A Bobcat engine works in its peak torque range over an engine-speed span of 600 rpm by altering fuel injection pressure and timing, and deploying multiple injections per combustion cycle.
When Bobcat introduced the Tier 4 versions of its 500 frame-size loaders in November, the company quietly rolled out a new Bobcat engine that requires no diesel particulate filter to satisfy U.S. EPA’s Tier 4 Final emissions regulations. In a press conference last week, the company shared more detail on how these engines – in displacements up to 3.4 liters – certify to Tier 4 without a DPF.
All of the Doosan-built engines use cooled exhaust gas recirculation, electronically controlled high-pressure common-rail fuel injection and a diesel oxidation catalyst. With no DPF the engines eliminate the need to burn off accumulated particulate in what’s called regeneration – a step that on other engines relies on fuel injected into the filter to burn off the excess carbon.
Heat from regeneration requires warning operators when the process is happening, and giving them an option to override the system to prevent increasing fire risk – like when operating indoors or in highly flammable environments.
The 3.4-liter Bobcat engines (to be introduced in 2015) are expected to need selective catalytic reduction to be certified Tier 4 Final. The technology requiring diesel exhaust fluid to help catalyze oxides of nitrogen out of the diesel exhaust stream has been appearing on truck engines and larger off-road engines for some time. At present, it’s considered to be a necessary step to compliance for many engines.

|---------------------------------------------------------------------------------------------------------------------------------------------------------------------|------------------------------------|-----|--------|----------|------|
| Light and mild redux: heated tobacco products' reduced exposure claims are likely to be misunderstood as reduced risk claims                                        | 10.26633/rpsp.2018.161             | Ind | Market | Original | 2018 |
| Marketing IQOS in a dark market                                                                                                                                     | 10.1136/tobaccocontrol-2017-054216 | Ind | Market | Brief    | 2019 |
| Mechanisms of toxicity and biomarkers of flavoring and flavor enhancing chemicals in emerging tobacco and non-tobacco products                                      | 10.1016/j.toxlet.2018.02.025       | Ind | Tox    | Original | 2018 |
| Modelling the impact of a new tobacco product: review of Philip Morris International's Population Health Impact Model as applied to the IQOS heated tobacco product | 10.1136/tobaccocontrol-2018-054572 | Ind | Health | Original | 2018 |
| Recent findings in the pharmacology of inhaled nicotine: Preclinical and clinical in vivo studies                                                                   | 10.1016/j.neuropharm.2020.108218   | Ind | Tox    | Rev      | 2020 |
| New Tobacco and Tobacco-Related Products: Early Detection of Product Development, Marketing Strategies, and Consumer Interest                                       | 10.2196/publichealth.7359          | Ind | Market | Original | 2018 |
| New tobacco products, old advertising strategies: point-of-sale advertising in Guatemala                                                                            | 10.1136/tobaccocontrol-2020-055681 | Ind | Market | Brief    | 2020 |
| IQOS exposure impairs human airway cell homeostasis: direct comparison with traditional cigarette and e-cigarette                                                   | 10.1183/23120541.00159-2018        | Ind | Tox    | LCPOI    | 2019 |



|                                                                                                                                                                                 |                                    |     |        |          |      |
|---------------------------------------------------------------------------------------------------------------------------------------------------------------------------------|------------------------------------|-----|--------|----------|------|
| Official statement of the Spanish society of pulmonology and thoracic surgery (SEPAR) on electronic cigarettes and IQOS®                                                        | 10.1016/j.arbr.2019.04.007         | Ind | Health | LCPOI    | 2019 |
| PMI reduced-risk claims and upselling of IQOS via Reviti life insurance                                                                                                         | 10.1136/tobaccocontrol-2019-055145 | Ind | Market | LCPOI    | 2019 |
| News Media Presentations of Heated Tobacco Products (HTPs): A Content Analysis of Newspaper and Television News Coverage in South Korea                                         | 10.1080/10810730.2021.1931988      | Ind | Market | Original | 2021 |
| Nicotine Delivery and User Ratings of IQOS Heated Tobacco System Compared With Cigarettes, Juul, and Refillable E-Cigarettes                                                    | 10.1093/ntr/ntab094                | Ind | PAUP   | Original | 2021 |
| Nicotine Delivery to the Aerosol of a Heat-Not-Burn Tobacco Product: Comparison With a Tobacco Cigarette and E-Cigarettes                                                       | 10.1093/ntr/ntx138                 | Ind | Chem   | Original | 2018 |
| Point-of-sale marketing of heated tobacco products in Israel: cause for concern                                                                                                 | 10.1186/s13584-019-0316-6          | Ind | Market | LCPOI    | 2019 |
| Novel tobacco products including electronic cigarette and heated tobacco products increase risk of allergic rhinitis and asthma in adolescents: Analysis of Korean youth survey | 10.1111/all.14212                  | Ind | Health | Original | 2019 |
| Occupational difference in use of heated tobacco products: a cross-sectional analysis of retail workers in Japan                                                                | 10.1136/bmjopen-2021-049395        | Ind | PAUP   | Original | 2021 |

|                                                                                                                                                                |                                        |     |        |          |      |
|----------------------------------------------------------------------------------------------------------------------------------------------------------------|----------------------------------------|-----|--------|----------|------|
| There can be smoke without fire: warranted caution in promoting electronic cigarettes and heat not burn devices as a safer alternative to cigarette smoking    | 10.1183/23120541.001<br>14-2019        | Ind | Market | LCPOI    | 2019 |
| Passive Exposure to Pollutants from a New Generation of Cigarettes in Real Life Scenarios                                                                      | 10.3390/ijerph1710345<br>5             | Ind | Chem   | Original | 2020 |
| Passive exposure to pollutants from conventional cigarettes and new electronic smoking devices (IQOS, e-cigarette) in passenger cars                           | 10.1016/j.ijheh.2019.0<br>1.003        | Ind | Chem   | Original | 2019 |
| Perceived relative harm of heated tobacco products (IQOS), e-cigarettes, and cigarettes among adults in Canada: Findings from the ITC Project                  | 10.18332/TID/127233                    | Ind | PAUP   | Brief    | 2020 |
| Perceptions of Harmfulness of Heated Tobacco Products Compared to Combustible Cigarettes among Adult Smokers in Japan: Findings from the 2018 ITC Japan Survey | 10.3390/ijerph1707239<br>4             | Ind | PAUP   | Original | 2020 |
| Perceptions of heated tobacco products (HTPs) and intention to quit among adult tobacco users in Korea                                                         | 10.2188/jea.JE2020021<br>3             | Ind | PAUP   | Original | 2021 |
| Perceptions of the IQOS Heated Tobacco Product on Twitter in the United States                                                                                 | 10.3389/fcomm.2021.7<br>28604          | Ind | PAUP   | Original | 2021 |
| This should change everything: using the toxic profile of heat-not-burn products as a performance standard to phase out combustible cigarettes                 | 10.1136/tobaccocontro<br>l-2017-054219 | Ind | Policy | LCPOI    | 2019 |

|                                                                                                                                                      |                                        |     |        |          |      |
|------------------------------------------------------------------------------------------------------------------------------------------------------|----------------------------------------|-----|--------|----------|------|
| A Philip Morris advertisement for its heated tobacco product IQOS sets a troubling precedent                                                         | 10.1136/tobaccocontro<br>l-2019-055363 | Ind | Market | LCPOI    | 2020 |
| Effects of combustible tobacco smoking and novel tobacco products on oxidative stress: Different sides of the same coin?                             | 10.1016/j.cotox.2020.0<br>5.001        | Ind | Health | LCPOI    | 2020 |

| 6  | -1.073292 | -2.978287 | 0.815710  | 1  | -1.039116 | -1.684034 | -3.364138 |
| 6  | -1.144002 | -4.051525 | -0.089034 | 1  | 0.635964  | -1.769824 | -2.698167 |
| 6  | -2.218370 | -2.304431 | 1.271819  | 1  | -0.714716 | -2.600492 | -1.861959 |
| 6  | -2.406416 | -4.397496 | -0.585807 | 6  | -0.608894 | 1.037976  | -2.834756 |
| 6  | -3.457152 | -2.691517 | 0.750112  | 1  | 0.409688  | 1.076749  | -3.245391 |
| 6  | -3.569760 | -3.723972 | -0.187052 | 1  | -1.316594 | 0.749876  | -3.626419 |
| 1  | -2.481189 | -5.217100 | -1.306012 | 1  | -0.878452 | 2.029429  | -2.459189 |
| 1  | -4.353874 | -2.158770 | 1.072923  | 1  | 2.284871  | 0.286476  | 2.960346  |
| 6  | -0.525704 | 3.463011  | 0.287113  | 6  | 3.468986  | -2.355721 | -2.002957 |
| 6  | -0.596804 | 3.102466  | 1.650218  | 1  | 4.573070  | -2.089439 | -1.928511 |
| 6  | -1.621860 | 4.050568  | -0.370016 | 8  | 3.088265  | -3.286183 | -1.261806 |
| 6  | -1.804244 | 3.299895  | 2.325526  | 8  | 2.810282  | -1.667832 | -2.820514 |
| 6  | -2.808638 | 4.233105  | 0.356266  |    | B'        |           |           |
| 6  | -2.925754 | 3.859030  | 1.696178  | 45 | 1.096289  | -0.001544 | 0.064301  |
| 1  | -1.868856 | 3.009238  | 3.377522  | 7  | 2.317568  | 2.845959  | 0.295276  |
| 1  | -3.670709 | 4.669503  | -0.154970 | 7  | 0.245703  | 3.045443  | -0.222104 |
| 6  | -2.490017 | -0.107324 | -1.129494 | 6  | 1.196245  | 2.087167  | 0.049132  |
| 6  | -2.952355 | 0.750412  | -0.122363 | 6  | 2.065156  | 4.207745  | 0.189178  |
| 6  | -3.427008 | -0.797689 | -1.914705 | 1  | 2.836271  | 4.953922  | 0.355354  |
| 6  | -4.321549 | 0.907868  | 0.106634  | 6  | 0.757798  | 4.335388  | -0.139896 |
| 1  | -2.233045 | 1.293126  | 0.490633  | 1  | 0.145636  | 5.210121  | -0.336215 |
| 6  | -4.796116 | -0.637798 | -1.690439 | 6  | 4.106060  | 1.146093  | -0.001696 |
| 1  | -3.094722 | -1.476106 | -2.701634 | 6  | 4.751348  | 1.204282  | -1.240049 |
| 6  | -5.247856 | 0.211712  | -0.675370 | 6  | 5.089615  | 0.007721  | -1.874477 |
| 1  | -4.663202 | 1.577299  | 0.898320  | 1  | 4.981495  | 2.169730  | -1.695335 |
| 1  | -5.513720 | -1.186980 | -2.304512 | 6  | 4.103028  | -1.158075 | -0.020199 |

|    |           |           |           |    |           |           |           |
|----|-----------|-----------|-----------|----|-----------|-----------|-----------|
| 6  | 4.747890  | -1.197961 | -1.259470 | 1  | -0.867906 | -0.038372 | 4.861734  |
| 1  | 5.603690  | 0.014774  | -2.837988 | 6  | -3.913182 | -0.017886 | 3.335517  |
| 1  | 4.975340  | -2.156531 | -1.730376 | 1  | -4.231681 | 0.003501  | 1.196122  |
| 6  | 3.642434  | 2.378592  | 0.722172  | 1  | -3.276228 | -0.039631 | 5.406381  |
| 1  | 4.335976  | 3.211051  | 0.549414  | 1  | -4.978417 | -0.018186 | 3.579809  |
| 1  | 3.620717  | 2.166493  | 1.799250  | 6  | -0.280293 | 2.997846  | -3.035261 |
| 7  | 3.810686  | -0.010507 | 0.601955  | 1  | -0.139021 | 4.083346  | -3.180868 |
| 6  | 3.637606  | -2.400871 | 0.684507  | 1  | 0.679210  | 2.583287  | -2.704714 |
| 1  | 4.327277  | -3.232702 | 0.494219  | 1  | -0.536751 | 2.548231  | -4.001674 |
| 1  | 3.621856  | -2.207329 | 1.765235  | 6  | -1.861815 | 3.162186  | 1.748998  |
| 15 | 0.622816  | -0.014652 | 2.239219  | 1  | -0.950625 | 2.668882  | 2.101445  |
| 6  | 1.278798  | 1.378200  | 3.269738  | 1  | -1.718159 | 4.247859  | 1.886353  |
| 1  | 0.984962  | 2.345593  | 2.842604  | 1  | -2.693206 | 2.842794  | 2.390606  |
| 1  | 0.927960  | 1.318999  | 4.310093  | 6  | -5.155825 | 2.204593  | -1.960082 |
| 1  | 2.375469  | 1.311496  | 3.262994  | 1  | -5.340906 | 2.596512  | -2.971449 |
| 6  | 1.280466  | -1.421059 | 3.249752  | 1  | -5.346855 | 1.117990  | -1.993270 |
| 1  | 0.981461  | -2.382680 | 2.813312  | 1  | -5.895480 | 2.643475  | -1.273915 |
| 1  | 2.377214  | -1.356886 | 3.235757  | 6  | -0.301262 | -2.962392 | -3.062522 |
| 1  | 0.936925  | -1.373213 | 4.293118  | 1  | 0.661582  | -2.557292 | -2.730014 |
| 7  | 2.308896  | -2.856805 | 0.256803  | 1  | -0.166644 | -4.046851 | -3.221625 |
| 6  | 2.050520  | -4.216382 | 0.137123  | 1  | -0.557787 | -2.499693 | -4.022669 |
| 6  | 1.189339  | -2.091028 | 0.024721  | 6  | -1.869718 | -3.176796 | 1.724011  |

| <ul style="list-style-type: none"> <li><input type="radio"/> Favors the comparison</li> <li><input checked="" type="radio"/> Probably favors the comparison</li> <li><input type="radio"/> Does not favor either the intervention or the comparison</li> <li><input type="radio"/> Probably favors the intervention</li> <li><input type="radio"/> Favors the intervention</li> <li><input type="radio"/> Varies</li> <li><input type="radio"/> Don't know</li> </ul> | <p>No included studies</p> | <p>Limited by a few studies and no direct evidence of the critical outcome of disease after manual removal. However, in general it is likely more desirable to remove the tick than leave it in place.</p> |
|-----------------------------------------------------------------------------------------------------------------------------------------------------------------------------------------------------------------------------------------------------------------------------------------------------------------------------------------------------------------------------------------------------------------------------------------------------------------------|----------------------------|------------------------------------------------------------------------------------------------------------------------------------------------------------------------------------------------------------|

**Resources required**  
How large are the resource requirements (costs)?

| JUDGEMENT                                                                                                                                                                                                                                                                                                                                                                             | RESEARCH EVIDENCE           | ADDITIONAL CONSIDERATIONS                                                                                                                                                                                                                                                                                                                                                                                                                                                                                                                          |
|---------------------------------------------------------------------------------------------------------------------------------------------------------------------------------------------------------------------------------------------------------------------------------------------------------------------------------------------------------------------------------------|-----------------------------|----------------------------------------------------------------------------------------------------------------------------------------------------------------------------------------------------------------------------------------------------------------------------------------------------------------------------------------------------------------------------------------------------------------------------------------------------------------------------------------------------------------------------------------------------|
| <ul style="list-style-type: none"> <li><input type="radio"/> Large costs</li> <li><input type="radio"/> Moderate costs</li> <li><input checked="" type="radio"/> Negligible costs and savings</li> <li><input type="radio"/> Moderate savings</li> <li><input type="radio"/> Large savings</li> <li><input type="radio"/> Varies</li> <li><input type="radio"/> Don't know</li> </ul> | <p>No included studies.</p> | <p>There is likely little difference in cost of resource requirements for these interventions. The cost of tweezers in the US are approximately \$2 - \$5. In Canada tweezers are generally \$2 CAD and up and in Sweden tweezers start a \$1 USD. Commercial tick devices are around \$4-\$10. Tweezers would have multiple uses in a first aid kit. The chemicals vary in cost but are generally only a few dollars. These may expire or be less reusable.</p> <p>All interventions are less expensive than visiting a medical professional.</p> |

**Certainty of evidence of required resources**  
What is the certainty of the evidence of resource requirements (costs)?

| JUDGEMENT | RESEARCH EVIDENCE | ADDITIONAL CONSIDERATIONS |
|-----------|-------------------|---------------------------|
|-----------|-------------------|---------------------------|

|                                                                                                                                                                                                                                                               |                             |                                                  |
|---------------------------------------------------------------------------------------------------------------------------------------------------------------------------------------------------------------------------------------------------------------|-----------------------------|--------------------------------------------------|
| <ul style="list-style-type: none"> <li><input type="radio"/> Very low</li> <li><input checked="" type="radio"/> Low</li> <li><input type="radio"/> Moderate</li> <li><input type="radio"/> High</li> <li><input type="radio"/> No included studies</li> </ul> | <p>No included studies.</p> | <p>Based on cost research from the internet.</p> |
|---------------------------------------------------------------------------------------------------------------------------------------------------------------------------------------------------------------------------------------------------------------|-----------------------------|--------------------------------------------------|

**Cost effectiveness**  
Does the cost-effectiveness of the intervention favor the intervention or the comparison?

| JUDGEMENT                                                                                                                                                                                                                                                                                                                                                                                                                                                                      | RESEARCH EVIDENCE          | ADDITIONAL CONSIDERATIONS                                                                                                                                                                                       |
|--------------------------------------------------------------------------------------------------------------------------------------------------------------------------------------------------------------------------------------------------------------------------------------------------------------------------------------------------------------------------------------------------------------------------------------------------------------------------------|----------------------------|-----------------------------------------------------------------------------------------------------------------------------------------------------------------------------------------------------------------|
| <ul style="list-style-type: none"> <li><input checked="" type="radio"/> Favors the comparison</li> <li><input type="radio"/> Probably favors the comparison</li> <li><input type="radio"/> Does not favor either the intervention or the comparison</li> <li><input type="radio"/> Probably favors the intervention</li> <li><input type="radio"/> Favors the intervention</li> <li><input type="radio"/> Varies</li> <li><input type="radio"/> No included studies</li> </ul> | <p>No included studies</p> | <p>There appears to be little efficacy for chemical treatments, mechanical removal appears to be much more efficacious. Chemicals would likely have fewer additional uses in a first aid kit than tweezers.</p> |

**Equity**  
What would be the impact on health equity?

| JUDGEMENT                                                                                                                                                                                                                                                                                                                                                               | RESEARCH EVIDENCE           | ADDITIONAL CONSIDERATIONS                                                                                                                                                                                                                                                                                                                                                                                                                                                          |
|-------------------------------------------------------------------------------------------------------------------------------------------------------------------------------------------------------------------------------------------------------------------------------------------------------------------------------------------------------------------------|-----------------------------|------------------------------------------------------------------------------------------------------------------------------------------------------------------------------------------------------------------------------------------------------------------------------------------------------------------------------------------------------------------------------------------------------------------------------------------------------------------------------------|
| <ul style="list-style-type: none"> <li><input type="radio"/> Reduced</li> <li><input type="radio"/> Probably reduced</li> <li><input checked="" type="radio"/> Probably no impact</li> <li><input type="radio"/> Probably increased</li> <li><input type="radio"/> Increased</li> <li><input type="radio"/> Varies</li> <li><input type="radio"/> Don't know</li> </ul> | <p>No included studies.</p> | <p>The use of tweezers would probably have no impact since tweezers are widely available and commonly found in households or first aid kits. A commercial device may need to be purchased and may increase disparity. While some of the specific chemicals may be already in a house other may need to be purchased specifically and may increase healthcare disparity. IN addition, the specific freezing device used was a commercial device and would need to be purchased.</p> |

While Bobcat says reduced operator interaction is a benefit of its Tier 4 engines, the company is quick to point out that a key selling point should be across-the-board torque increases of from four to 12 percent. Torque is the turning force the engine is able to exert on an output shaft.
“We blind-tested customers on machines with the new engines and machines with the previous-generation engines,” says Bobcat Marketing Manager Chris Knipfer, “They overwhelmingly preferred the machines with the new engines.”
Part of Bobcat’s message about the new engines is to talk about the primacy of torque over horsepower as a measure of working power. Engines are designed to deliver peak horsepower near their rated engine speed. When the engine encounters hard resistance, it lugs down – its speed drops – and horsepower drops with it.
Torque, on the other hand, can be manipulated to rise quickly at low engine speeds, and the curve flattens out and stays at or near peak torque over a relatively broad range of engine speeds.
Bobcat shows and example torque curve for one of its engines that stays in the peak torque range over an engine-speed span of 600 rpm.
Combustion pressure is a key variable for matching torque to power demand, and that’s why even small engines are using high-pressure fuel injection and electronic injection control. Electronic control and multiple injection events during each combustion cycle allow the engine to vary combustion pressure.
When power demand is low, the fuel system produces lower combustion pressure to reduce noise and fuel consumption. In hard digging and other kinds of intense work, the system can dial up the pressure to deliver near-peak torque across a much broader range of engine speeds.
Bobcat says the variable nature of the system delivers more consistent machine performance over time as well. The fuel system can compensate for some combustion pressure lost to cylinder wear, so the machine continues to perform like new longer into its life.
Bobcat Engine Models
1.8-liter (intro in 2013)
- 400 Frame-Size Loaders
2.4-liter (intro in 2014)
- 500 Frame-Size Loaders
- 600 Frame-Size Loaders
- Toolcat Utility Work Machines
- E42, E45, E50 and E55 Mini Excavators
3.4-liter (intro in 2015)
- 700 Frame-Size Loaders
- 800 Frame-Size Loaders